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Female vs. male superdelegates: candidates’ numbers so far

Nine of the 11 female Democratic senators (all of whom are superdelegates) have committed to a presidential candidate. They have broken 8-1 in favor of Hillary Rodham Clinton over Barack Obama. (All right, one of them is Sen. Clinton herself. But even discounting that, Clinton wins the Dem sen women by a huge margin. And if you’re wondering, the one Dem sen woman for Obama is Claire McCaskill of Missouri.)

(By the way (and at the risk of overdoing the parentheticals) the two uncommitted are Mary Landrieu of Louisiana and Minnesota’s own Amy Klobuchar. Klobuchar was quoted in the Sunday New York Times to the effect that “Barack’s impressive showing in our state is attractive to me,” which sounds like an Obama lean, but not a commitment. But I digress.)

Twenty-one of the male Dem Sens have committed. They have broken 14-7 for Obama (yes, including Sen. Obama, who is supporting himself). Obama’s percentage victory among male senators isn’t as impressive as Clinton’s among females.

Because there are more male than female sens (despite a record number of women), the whole thing nets out to 15-15 among senators. (By the way, I’m counting the two non-voting senators that symbolically represent the District of Columbia. They’re both men, for Obama, and can vote as superdelegates. And I’m counting the senators from Michigan and Florida who have committed (there are two, both for Clinton), although the outcome there is up in the air. I’m thinking that at least the superdelegates from the disputed states will be counted.)

Some key questions

What’s the point? Is there any chance that Clinton’s 89-11 percent romp among women Dem sens is not based to some degree on gender?  How about Obama’s almost 2-to-1 lead among the male Dem sens? Is that about gender? Is it evidence that Clinton’s superdelegate strength is significantly about gender? Or that there are advantages and disadvantages to your gender, whatever it is.

To test those questions, here are the comparable figures for Dem U.S. representatives (all of whom are also superdelegates). By my count (I’m relying on the total list of committed superdelegates on the excellent Demconwatch. and I’m trying my best to score them by gender and various categories of superdelegates) the House members break down 78-75 in favor of Clinton. The gender breakdown isn’t as stark as among the sens, but it’s there.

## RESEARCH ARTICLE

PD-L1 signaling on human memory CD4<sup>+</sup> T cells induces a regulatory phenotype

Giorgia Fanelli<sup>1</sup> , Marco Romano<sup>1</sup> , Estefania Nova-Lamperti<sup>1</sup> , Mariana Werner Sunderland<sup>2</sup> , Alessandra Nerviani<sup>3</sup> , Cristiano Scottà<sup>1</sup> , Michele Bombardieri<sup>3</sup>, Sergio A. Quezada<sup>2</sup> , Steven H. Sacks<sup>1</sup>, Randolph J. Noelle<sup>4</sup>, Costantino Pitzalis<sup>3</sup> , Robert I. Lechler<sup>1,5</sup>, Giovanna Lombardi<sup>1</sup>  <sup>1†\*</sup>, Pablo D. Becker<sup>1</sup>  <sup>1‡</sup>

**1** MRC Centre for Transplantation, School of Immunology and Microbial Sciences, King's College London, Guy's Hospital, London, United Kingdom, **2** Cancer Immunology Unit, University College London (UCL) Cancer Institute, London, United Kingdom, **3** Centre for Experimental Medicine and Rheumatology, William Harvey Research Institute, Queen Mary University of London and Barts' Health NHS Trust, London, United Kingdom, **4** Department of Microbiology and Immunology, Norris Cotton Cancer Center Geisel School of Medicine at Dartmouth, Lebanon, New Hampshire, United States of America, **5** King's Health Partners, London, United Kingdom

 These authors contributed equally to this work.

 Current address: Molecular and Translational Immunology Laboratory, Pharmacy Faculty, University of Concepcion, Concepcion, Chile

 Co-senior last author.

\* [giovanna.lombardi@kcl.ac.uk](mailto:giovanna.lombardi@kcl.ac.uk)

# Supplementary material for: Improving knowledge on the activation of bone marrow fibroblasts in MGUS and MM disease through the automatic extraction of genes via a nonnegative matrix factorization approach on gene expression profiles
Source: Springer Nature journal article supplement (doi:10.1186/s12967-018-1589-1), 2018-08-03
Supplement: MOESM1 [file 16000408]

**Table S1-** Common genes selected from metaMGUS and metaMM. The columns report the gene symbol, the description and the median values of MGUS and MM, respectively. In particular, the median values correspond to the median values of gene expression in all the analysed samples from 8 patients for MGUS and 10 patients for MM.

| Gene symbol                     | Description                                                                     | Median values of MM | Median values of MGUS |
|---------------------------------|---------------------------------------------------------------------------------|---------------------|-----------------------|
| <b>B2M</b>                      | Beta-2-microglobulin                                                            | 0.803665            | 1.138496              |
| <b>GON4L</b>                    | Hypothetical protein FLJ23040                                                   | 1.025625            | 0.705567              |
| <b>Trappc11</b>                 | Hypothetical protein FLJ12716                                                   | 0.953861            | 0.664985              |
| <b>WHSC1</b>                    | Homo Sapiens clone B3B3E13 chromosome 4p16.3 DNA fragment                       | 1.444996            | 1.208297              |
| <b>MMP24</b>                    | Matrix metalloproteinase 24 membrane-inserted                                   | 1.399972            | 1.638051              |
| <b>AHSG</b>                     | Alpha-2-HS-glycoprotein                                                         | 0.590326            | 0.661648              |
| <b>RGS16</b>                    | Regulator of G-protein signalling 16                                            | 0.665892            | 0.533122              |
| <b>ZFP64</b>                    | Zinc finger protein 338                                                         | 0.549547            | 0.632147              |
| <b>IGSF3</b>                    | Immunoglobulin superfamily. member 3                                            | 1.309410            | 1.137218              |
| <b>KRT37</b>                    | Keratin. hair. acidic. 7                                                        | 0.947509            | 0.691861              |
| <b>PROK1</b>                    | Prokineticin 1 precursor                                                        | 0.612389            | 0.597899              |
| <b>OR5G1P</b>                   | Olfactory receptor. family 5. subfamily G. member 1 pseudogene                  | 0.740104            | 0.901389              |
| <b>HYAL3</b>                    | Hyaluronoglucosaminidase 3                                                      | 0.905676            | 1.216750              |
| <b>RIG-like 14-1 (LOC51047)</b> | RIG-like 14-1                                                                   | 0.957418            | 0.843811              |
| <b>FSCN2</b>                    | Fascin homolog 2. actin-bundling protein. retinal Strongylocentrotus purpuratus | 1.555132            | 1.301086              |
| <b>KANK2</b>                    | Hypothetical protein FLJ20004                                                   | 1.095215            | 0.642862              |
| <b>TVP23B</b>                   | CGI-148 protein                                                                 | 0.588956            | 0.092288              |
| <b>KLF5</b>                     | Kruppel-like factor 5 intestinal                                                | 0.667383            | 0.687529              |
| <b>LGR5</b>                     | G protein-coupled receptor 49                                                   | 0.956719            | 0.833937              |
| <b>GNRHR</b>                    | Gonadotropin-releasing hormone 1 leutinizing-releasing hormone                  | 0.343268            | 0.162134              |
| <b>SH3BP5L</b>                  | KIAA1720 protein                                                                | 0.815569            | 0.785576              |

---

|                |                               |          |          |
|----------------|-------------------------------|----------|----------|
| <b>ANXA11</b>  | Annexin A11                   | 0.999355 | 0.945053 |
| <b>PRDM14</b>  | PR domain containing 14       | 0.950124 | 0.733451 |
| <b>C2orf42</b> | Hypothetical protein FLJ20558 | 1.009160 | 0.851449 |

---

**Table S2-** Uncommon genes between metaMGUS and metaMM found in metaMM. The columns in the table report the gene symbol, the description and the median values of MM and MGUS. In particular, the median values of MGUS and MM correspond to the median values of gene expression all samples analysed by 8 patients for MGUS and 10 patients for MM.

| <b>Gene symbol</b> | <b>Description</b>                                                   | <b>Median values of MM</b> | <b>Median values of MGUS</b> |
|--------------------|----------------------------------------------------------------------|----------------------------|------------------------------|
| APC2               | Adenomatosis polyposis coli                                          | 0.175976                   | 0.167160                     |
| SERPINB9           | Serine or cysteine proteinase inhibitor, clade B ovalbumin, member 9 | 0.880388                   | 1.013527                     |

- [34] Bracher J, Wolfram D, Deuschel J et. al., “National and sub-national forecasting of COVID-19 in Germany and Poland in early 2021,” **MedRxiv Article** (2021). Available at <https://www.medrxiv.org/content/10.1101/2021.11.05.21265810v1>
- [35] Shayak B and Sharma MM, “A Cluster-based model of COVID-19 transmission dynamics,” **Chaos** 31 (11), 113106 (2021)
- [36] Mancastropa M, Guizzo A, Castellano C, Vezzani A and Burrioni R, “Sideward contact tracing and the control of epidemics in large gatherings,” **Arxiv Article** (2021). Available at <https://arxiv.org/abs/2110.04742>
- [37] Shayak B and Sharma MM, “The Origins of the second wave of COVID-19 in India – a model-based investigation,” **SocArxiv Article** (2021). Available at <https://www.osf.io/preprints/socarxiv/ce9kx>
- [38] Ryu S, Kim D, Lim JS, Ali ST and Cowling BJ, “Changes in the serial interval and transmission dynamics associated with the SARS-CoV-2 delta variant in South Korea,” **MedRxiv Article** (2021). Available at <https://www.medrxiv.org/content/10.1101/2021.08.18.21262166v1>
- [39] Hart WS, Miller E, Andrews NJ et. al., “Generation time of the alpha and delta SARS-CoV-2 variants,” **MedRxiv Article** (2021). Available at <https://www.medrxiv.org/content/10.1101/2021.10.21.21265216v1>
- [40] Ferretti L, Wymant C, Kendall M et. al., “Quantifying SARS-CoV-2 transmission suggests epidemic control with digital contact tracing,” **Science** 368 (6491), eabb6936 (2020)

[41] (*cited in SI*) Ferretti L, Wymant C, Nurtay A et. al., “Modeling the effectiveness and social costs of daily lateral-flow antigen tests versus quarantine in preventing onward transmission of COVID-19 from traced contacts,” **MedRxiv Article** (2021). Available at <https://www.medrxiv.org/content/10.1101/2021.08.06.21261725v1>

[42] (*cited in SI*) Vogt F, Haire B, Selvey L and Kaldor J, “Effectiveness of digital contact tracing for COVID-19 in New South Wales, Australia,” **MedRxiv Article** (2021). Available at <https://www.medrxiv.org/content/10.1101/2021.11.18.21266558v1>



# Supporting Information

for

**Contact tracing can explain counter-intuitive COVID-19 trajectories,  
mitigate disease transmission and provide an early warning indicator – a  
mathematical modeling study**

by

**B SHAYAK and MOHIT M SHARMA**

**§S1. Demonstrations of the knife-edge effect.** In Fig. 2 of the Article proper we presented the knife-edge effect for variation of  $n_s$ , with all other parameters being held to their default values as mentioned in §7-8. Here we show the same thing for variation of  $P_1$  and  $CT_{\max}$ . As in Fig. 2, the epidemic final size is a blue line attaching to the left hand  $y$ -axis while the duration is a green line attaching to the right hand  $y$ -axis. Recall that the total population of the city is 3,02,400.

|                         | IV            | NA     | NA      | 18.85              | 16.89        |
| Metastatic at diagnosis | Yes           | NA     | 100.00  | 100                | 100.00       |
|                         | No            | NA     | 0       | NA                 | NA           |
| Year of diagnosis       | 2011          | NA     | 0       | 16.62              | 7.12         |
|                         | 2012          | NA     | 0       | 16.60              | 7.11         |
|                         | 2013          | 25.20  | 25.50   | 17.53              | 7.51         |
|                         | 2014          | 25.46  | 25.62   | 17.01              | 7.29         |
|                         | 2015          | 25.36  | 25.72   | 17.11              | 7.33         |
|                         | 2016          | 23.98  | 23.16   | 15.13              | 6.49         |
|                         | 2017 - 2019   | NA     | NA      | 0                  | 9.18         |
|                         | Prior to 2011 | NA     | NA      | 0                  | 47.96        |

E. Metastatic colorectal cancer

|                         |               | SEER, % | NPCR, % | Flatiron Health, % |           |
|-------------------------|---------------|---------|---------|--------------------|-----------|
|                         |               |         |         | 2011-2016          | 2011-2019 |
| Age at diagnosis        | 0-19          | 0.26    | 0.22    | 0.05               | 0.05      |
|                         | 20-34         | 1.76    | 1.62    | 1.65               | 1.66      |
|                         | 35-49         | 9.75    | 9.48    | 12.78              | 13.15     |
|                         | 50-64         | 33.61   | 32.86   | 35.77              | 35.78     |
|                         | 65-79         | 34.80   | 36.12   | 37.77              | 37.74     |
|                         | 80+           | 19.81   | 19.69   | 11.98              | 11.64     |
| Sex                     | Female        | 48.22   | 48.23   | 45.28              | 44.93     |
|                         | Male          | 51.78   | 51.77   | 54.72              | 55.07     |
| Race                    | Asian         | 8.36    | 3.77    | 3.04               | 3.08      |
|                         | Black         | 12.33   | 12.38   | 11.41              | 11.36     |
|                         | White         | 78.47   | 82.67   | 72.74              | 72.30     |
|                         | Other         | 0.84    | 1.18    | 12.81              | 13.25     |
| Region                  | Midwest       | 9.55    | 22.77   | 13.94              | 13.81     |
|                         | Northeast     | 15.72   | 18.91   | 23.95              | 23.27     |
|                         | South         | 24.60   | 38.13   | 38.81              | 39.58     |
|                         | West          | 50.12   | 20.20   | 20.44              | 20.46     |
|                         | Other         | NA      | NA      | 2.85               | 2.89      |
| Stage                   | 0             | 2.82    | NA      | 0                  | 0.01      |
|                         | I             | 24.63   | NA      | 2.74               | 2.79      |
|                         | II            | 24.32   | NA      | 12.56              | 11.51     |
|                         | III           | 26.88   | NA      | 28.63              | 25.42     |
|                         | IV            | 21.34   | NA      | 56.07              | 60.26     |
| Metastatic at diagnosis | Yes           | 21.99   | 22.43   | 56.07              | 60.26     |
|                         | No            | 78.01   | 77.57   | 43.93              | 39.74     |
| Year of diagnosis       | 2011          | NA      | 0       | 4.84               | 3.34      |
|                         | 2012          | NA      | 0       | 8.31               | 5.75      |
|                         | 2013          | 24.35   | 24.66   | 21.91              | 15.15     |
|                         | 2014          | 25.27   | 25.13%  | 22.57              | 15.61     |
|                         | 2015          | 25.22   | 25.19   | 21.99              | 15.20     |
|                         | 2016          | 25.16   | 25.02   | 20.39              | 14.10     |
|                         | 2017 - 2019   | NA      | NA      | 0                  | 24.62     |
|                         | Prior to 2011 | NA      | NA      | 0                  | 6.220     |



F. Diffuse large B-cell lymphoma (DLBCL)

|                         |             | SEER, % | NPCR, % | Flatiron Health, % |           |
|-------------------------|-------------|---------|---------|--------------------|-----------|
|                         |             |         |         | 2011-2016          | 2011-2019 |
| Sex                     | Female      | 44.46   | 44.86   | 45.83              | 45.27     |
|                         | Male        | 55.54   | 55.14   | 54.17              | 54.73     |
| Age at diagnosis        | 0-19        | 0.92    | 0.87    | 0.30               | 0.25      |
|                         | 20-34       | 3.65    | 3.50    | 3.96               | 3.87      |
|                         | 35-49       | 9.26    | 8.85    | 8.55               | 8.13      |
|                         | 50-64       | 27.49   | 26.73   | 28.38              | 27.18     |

Clinton carries the Dem congresswomen by 27-14. Obama carries the congressmen by 61-51.

The biggest category of superdelegate is the Democratic National Committee members. As best I can tell (I’m less sure of these numbers and all this counting and sexing of DNC members, some of whom have androgynous names, is giving me a headache), Clinton carries the Democratic National committeewomen by a solid 73-46. She also carries the committeemen, but by an insignificant 68-63. So I would say that breakdown is consistent with the theory that Clinton’s advantage among women is the key to her superdelegate lead.

The one category that defies the hypothesis is the governors. Three of the five Dem woman guvs are backing Obama. Eight of the 15 male guvs are for Clinton. The net is 10-10 and a non-factor in the overall superdelegate race.

I should note that there are a small number of superdelegates who are in none of the categories above.

In other superdelegate news
Before I let you go, so I don’t have to write a separate post, I’ve been fairly obsessed with keeping up with the flow of new superdelegate commitments, to see whether Clinton’s Ohio-Texas late-inning rally has stopped the flow towards Obama. Since the last update a week ago on the eve of the Mississippi primary, the trickle of new superdel commitments has almost completely stopped. But what little remains still favors Obama ever-so-slightly. Obama picked up two in the last week. Clinton lost one (not her fault – Eliot Spitzer is no longer a superdelegate because he’s no longer a governor).

In the total superdel race, Clinton leads 244-209, according to DemConWatch, taking her lead down to a new lowest level ever. Here’s the graph. But, clearly, the vast majority of uncommitted superdelegates, who will almost certainly decide the nomination in the end, are awaiting further developments.

Update to previous:
Two new superdelegate commitments went up on DemConWatch today, both for Clinton. That makes the past week roughly a wash. We’ll see if it turns into any kind of new trend in Clinton’s direction. One of the two was a male congressman (the notable John Murtha of Pennsylvania), which would of course changes the totals above by one male. The other new Clinton superdel is Pat Maroney (a male Pat), a DNC member from West Virginia.

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